Planting Garlic

Separate the garlic bulb into individual cloves before planting. Plant the cloves pointed side up to ensure that when the stem grows it will be straight. Plant individual cloves approximately 2-4” deep, 4-6” apart, in rows 18-24” apart.

The root system starts to develop in fall, and in winter the garlic is dormant. In spring, stems will emerge from the ground, and bulbs will start to grow.

This is a good time to feed with a fertilizer high in nitrogen (N) to promote top growth. Keep the area weed-free.

In hardneck varieties, a seed scape, or flower stalk, will form on top of the stem in June (earlier in warmer regions). The scape should be cut or broken off soon after it appears so that energy can be used to grow a larger bulb. The scapes are edible too!

Harvesting Garlic

Garlic is ready to be dug or pulled from mid-to-late July (earlier in warmer regions). Softnecks tend to mature about a week earlier than hardnecks. Softnecks are ready to harvest when about half of the crop has fallen over and is lying on the ground.

Hardnecks may be harvested when the lower leaves have died and turned brown. To check if they are mature, pull up a bulb and cut a cross-section. If the cloves are tight against the central stem, then the garlic needs more time. When you begin seeing spaces develop between the stem and the cloves, then it is time to harvest.

Curing Garlic

Dry the garlic out of direct sunlight and in a place with good airflow. Allow bulbs to cure for about 2 weeks, and then the stem and roots may be trimmed. Garlic can be stored at room temperature for short term use, or for longer storage between 32°-50° F with moderate humidity. Rocamboles and Purple Stripes store for about 6 months. Porcelains and Artichoke types store 8 to 10 months. Silverskins will often store a full year.

How much garlic do I plant?

1 acre = 43,560 sq ft = 6,272,640 sq in.

6,272,640 sq in.÷ x inches between rows ÷ x inches within rows = # cloves/acre

1 lb hardneck (5-6 bulbs) with 5-6 cloves per bulb = ~33 cloves

1lb softneck (7-10 bulbs) with 6-10 cloves per bulb = ~80 cloves

So, with rows 24” apart and 6”spacing: 6,272,640 ÷24 ÷ 6 = 43,560 cloves / acre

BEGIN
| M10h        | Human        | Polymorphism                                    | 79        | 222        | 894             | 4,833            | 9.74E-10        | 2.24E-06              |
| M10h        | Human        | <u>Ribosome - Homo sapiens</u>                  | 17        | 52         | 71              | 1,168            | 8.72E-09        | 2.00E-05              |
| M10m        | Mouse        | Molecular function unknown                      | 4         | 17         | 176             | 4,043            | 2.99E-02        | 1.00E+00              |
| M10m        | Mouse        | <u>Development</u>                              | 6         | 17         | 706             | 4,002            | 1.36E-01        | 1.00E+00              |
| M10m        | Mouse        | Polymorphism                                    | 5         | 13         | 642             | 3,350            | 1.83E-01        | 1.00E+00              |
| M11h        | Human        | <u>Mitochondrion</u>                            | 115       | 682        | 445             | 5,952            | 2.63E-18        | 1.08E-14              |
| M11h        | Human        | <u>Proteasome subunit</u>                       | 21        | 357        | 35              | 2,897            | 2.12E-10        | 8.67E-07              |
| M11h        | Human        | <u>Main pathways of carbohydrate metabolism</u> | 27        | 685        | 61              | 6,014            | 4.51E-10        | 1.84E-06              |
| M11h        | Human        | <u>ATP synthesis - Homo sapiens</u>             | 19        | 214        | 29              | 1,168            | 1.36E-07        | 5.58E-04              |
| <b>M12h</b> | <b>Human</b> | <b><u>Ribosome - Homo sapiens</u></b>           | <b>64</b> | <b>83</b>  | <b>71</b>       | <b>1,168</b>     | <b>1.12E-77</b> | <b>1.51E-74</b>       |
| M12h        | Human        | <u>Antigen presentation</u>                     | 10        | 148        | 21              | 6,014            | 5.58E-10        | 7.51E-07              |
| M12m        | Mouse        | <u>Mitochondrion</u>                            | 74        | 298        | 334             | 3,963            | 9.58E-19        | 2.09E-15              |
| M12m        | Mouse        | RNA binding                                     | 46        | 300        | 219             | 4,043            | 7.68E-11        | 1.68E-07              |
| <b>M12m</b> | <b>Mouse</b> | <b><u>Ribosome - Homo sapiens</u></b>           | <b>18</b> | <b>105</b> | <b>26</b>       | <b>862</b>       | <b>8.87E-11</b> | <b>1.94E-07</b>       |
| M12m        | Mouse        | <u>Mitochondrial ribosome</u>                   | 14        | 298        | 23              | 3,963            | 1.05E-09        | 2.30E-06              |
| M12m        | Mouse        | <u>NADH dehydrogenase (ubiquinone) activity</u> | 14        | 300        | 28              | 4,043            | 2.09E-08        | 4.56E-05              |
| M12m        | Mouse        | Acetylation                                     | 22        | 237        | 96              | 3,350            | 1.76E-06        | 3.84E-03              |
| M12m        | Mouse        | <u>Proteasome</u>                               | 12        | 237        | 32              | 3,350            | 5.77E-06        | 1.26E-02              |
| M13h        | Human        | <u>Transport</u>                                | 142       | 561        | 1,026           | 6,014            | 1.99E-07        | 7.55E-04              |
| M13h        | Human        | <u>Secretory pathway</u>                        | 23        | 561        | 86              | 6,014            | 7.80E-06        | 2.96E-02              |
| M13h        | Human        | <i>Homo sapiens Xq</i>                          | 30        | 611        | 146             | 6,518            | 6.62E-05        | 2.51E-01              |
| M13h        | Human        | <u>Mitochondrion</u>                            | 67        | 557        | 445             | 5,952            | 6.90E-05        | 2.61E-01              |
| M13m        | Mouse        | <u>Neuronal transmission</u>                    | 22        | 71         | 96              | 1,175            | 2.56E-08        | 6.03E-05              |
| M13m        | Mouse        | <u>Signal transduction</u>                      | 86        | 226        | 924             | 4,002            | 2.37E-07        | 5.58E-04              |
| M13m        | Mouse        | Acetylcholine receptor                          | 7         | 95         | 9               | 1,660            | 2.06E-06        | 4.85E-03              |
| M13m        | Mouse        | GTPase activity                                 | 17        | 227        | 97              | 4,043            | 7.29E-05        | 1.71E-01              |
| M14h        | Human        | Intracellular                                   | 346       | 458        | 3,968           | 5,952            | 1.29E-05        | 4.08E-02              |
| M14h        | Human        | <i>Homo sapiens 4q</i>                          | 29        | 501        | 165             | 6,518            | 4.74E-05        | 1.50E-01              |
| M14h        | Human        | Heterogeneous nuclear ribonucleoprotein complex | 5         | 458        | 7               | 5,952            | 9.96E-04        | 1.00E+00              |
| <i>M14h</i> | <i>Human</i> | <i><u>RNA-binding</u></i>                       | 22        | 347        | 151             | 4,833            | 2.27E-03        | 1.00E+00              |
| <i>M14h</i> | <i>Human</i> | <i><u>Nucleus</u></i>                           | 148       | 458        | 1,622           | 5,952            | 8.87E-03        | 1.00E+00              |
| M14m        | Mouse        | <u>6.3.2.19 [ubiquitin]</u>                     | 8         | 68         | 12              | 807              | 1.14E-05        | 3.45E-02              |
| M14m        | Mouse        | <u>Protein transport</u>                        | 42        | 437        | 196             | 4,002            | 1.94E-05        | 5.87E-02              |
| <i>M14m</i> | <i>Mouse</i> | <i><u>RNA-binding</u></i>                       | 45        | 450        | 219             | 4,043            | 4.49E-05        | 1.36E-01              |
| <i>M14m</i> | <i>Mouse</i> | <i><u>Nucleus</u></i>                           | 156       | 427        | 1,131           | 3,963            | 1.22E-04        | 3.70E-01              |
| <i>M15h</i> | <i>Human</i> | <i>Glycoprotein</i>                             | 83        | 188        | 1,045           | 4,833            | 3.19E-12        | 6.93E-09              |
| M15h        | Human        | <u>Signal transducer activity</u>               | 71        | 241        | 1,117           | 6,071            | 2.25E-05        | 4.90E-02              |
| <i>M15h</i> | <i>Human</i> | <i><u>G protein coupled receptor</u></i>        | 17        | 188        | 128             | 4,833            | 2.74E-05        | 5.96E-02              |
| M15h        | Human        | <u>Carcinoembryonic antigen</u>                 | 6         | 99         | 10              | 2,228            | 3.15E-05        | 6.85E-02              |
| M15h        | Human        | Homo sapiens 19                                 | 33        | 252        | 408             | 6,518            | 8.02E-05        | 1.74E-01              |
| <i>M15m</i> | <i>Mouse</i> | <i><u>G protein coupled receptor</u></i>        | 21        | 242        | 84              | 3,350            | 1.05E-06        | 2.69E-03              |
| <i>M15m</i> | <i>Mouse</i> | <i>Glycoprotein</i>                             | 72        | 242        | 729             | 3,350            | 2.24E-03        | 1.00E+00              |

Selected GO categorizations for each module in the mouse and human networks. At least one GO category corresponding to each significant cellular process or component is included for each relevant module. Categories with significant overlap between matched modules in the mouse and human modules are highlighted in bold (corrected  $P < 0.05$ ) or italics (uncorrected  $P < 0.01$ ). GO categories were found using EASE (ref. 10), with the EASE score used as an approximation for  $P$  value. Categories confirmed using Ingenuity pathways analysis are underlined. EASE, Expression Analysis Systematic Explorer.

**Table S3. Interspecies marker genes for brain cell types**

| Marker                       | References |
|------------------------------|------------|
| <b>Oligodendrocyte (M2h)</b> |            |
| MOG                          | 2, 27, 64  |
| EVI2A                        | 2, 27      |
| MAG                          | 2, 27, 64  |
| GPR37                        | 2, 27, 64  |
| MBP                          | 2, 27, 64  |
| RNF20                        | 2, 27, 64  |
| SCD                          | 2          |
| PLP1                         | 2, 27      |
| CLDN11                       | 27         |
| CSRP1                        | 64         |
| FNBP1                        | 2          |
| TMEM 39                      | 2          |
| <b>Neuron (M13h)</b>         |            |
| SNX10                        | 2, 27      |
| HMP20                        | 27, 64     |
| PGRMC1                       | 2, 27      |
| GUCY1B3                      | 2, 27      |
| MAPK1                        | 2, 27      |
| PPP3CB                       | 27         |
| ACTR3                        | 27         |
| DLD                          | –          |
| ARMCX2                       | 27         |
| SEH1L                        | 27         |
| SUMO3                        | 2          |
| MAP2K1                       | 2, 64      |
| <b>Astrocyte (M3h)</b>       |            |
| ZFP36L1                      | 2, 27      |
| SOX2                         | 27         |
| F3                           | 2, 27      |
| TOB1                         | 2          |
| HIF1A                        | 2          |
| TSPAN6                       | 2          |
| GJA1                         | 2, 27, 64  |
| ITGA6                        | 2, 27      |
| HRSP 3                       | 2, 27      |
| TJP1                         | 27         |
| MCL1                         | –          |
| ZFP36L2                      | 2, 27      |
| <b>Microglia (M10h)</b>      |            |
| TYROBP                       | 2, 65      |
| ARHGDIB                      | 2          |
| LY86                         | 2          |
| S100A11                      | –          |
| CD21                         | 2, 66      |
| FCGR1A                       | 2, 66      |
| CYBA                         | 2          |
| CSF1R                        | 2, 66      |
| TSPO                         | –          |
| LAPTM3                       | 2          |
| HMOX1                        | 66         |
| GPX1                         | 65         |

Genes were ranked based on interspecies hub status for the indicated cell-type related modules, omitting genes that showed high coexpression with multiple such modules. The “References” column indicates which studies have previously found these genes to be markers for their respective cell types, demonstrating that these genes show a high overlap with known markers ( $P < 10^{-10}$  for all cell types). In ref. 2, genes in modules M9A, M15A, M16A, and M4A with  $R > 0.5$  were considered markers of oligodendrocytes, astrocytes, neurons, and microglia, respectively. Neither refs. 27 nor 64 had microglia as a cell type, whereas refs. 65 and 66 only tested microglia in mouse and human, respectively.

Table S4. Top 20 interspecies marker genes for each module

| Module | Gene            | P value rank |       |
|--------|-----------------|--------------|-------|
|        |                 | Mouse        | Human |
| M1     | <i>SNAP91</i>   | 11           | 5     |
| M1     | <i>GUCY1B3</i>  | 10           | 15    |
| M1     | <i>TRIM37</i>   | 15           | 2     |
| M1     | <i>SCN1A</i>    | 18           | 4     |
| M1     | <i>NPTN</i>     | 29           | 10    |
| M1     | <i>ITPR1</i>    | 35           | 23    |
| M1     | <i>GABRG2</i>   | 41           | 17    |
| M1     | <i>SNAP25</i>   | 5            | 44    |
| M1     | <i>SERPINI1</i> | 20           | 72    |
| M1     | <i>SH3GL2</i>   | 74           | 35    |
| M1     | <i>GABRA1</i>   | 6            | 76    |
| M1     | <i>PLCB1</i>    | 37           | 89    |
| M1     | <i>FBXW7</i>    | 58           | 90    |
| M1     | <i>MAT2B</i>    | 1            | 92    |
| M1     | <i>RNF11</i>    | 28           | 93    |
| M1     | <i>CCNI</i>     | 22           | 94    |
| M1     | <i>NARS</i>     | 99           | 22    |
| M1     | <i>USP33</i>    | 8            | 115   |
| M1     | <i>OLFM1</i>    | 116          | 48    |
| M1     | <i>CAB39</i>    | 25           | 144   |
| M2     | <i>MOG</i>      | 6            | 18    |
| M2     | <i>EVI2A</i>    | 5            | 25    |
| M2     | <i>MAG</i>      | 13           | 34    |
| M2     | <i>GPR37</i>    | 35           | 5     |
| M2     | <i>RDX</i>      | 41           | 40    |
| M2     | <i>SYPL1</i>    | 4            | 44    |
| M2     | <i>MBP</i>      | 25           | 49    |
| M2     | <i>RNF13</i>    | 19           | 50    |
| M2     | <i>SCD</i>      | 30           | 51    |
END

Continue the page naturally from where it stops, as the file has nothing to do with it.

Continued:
For hardneck garlic: 43,560 ÷ 33 cloves= 1,320 lbs per acre

For softneck garlic: 43,560 ÷ 80 cloves = 545 lbs per acre

Let’s say you only want to plant a 25’ (300”) row at 6” spacing:

300÷ 6 = 50 cloves needed

@ 33cloves/lb, you need about 1.5 lbs of hardneck garlic for a 25’ row.

@80 cloves/lb, you need 0.6 lbs of softneck garlic for a 25’ row.


Dec 29, 2020


One of the advantages to growing hardneck garlic in a high tunnel is that you can plant them later into the fall than planting in open fields. It is dependent upon your region, but here in the Northeastern United States high tunnels can allows us to plant as late as Mid-November, however traditional planting period for colder climates is October. By planting no later than October it allows most bulbs to establish root growth in the warmer soil which allows them to produce larger bulbs the following year.

Garlic does not like to compete with weeds so mulching definitely helps to suppress weeds as well as retain moisture. Be careful, if the soil is too wet this can cause cloves to rot and not produce bulbs. I have found that by using a hardwood mulch it can compress too much and make it difficult for the top growth to push through it in the spring. Traditionally a thicker layer of hay, straw or even leaves work best depending upon your area.

As with any item you try to grow it is best to reach out to your local cooperative extension to see what works the best for your area.

Harris Seeds
Dec 29, 2020

I have tried hard neck garlic in our high tunnel. When in the late fall should it be planted? If it has growth going into winter will it be harmful? I used about 2" of mulch over it last fall to keep weeds down and some did not come up very good.